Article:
These facts, of one of which a bona fide creditor must have notice, to render his security void, if taken more than two months before the filing of the petition, can hardly be supposed to be different from the facts which must exist to render the security void under the first clause, or, in other words, if it be enough for the debtor to contemplate a state of insolvency, it could hardly be required that the creditor should have notice of an act of bankruptcy, or an intention to take the benefit of the act. It would seem that notice to the creditor of what is sufficient to avoid the security, must deprive him of its benefits, and consequently, if he must have notice of something more than insolvency, something more than insolvency is required to render the security invalid, and that we may safely take this description of the facts which a creditor must have notice of to avoid the security, as descriptive also of what the bankrupt must contemplate to render it void.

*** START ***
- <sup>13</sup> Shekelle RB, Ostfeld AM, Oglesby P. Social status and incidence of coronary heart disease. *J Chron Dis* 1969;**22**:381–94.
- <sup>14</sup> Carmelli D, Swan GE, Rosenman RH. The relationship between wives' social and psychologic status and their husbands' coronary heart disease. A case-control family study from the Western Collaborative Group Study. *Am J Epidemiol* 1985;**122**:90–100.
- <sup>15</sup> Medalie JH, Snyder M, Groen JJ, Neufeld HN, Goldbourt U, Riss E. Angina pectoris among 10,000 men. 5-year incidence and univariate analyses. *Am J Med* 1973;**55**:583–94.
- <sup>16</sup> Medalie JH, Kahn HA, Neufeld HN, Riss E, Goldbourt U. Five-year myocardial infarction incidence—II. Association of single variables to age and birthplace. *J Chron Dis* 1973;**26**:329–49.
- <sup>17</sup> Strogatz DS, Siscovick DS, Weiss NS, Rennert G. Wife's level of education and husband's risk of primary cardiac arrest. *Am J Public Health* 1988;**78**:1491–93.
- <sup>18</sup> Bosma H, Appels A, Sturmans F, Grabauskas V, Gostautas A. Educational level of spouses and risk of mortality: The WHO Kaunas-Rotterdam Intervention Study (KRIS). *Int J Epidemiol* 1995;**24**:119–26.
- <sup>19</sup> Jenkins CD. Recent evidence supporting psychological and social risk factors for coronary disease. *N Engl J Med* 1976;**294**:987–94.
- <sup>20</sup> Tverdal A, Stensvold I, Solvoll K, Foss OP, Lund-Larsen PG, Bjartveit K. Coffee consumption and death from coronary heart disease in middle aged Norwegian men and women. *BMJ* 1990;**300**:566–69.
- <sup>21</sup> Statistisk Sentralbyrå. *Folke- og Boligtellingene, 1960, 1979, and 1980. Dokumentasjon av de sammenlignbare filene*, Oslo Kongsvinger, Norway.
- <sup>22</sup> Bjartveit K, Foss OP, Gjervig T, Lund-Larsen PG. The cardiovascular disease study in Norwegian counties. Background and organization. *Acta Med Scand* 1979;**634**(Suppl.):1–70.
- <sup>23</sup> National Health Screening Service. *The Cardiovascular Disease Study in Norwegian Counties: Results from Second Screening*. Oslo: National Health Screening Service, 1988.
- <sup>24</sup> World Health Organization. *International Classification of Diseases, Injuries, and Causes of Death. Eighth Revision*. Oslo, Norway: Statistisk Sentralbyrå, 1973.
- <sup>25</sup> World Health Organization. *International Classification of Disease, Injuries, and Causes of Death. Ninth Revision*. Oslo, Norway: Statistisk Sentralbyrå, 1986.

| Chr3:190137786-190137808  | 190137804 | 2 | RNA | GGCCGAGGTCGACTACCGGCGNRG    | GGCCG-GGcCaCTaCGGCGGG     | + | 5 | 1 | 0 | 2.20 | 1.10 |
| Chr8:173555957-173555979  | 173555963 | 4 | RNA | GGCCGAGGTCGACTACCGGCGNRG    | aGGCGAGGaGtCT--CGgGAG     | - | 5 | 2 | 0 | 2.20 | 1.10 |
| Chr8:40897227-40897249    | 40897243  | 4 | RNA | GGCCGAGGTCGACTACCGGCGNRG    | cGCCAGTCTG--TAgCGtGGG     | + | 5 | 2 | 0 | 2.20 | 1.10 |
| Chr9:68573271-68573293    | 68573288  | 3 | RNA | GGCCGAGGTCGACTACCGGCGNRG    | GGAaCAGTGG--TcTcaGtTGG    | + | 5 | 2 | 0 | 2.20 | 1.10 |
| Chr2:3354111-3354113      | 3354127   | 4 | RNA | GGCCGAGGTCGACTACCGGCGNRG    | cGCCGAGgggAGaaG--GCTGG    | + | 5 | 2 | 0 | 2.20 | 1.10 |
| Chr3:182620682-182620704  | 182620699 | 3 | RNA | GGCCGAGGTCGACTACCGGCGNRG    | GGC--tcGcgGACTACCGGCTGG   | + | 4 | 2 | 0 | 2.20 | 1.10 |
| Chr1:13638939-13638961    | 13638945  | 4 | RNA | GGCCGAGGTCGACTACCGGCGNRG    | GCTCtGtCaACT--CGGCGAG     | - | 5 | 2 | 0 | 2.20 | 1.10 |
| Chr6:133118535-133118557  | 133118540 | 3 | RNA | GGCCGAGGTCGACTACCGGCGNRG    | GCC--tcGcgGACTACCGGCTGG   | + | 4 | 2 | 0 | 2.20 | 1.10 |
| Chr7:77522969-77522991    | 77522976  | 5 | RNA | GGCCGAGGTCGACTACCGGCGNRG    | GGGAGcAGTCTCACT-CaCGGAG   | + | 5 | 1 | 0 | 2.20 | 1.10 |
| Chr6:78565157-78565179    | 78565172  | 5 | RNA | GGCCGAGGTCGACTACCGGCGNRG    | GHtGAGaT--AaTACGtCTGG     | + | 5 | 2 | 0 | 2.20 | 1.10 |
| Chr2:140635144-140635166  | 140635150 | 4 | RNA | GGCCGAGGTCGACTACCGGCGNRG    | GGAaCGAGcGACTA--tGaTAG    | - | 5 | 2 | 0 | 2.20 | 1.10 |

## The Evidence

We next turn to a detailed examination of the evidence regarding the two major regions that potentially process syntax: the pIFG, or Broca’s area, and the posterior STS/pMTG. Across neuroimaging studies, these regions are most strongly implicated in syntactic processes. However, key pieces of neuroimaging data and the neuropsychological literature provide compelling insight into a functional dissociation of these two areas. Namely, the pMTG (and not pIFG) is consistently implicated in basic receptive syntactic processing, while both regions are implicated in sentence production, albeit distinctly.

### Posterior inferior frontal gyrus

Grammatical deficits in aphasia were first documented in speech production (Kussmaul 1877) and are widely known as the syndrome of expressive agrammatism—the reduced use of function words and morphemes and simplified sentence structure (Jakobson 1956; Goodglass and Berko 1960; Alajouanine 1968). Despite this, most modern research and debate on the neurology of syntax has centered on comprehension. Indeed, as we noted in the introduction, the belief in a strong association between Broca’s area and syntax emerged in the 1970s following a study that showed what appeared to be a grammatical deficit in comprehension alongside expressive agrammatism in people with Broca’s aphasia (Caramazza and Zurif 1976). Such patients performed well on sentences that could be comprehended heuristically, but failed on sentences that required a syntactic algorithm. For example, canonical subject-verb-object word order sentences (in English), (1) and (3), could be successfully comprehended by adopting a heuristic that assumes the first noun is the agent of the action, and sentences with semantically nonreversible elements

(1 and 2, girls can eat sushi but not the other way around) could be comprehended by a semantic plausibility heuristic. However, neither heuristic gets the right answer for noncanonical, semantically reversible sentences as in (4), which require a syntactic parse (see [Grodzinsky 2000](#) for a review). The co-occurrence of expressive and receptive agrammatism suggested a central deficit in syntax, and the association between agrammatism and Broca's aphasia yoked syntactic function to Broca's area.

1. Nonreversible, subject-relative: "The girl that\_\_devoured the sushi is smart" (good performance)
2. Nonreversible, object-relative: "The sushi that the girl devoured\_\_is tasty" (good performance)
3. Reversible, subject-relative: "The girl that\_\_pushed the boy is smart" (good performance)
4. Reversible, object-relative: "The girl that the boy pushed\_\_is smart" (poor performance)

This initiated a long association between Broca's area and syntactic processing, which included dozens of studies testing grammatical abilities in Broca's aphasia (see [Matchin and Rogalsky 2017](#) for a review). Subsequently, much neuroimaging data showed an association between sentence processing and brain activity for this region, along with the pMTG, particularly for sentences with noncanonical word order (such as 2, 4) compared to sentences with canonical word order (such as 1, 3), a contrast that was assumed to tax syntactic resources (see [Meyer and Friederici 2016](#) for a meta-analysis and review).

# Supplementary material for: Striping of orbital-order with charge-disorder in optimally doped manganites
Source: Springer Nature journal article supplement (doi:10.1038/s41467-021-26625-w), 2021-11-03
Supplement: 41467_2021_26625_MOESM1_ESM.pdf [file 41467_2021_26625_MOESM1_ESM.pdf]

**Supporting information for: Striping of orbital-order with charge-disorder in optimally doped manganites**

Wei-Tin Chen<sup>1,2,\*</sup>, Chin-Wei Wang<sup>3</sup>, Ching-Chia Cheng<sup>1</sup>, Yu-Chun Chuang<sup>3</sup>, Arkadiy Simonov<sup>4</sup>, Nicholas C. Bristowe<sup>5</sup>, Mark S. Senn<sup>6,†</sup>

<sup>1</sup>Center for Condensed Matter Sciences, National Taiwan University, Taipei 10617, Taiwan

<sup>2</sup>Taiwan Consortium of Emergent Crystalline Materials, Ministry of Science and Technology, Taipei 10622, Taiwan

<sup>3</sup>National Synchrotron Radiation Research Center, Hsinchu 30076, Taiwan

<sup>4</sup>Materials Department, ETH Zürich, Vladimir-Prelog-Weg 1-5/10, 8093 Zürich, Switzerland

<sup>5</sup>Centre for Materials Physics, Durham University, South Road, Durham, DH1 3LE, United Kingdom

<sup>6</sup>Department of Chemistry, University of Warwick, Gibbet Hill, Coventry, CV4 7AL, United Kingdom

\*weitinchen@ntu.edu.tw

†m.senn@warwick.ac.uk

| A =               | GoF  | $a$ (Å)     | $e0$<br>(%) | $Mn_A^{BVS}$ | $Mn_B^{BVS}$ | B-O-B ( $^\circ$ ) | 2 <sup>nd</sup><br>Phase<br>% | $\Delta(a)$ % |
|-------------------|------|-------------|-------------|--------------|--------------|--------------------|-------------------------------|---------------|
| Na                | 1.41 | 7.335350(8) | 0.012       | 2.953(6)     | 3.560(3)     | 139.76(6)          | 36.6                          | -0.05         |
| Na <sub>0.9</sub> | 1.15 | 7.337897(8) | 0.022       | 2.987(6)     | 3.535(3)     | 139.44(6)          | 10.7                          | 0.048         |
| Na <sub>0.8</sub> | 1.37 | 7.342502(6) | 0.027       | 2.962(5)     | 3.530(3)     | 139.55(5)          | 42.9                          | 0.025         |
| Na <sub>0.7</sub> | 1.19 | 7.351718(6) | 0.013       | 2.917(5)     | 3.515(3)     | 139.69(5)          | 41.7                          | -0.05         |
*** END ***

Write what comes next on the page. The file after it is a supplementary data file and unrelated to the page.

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In construing a similar clause in the English bankrupt law, there have been conflicting decisions. It has been held that contemplation of a state of insolvency was sufficient. Pulling v. Tucker, 4 B. & Ald. 382; Poland v. Glyn, 2 Dow. & Ry. 310. But both the earlier and later decisions were otherwise, and in our judgment they contain the sounder rule. Fidgeon v. Sharpe, 5 Taunt. 545; Hartshorn v. Slodden, 2 Bos. & Pul. 582; Gibbins v. Phillipps, 7 B. & C. 529; Belcher v. Prittie, 10 Bing. 408; Morgan v. Brundrett, 5 Barn. & Ad. 297. And see the opinion of Patteson, J., in the last case.